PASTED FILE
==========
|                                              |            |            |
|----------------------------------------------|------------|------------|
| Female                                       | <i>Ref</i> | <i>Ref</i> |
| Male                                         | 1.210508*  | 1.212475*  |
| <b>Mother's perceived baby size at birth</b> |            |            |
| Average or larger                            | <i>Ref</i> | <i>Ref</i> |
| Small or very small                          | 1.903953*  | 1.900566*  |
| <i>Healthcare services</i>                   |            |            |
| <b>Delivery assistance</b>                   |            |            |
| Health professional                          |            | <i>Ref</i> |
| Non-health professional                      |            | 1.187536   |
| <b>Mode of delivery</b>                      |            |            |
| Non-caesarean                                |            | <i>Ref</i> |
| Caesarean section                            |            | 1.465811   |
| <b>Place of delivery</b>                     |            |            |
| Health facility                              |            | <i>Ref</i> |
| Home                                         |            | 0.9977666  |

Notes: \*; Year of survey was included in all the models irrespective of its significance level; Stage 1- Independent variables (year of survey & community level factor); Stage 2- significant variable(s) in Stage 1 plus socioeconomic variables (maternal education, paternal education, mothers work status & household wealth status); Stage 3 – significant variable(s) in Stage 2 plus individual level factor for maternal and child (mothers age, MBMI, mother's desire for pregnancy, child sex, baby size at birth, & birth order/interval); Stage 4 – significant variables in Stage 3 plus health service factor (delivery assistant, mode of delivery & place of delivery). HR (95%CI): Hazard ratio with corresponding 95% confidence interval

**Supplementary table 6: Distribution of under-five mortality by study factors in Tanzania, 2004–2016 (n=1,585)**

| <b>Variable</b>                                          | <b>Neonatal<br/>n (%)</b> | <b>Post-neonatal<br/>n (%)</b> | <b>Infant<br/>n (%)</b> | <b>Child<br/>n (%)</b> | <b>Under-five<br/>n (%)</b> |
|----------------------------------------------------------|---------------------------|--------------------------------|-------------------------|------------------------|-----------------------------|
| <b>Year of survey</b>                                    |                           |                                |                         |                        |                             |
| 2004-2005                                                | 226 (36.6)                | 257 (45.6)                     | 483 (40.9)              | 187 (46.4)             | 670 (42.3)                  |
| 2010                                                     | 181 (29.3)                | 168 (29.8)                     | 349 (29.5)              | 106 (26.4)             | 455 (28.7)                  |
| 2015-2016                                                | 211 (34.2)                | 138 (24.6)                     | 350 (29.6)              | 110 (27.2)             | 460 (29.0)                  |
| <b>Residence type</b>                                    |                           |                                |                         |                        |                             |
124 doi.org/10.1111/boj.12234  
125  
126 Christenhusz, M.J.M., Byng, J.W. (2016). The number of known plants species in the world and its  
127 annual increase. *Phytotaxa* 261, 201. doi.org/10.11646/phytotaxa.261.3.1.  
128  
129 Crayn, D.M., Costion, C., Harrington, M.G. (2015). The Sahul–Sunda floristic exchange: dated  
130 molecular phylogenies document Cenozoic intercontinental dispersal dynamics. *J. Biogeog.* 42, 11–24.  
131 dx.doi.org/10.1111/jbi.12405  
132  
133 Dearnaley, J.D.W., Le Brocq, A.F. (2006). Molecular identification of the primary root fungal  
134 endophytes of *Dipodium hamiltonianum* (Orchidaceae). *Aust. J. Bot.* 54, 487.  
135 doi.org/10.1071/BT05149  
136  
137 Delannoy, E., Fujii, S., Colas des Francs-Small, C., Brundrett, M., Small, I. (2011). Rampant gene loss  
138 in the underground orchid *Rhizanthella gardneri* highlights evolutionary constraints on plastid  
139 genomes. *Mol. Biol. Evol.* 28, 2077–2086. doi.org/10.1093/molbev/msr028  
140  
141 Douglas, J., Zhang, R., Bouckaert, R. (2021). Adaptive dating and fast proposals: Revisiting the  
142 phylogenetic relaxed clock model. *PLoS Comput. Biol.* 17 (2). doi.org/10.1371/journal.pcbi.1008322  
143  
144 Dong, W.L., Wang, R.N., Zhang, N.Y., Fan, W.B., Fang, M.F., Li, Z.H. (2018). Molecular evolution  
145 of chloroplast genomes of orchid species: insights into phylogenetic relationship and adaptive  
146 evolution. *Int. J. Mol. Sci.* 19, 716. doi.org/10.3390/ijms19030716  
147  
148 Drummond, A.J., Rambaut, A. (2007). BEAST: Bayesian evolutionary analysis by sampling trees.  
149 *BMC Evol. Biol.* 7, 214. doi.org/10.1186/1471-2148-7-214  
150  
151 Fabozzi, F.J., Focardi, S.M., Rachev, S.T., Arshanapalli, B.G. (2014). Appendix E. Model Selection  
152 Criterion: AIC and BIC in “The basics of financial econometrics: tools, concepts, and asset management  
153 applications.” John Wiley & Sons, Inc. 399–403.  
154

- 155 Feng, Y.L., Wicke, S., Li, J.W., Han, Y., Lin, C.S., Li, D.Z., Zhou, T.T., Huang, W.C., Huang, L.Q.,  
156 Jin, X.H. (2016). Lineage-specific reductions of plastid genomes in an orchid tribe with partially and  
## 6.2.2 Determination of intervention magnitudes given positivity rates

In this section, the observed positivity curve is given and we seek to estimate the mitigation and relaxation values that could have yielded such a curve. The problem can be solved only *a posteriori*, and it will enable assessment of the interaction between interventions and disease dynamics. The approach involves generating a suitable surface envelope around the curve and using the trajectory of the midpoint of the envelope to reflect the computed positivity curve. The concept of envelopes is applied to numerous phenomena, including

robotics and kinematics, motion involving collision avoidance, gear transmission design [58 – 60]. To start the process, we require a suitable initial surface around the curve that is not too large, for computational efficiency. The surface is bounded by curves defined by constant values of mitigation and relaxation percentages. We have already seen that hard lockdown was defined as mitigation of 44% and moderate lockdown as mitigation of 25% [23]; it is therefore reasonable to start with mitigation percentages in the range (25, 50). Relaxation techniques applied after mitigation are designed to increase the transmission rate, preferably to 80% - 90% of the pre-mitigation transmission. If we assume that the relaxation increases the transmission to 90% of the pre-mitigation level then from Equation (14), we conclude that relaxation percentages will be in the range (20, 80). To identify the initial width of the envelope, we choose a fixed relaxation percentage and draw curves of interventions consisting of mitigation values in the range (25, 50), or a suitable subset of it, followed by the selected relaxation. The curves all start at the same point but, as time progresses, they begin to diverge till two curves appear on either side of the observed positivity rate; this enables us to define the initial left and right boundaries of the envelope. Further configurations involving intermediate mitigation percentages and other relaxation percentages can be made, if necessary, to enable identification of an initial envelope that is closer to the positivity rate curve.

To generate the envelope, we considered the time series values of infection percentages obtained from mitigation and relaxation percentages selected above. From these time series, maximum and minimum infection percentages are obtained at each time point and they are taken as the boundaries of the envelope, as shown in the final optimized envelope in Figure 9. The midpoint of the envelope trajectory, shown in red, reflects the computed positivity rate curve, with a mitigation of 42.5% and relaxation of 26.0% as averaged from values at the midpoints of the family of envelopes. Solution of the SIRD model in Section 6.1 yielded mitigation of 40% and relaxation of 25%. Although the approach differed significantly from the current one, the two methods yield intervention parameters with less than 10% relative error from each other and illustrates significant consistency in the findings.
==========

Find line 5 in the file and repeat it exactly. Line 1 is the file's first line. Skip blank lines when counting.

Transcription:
| <b>Mother's perceived baby size at birth</b> |            |            |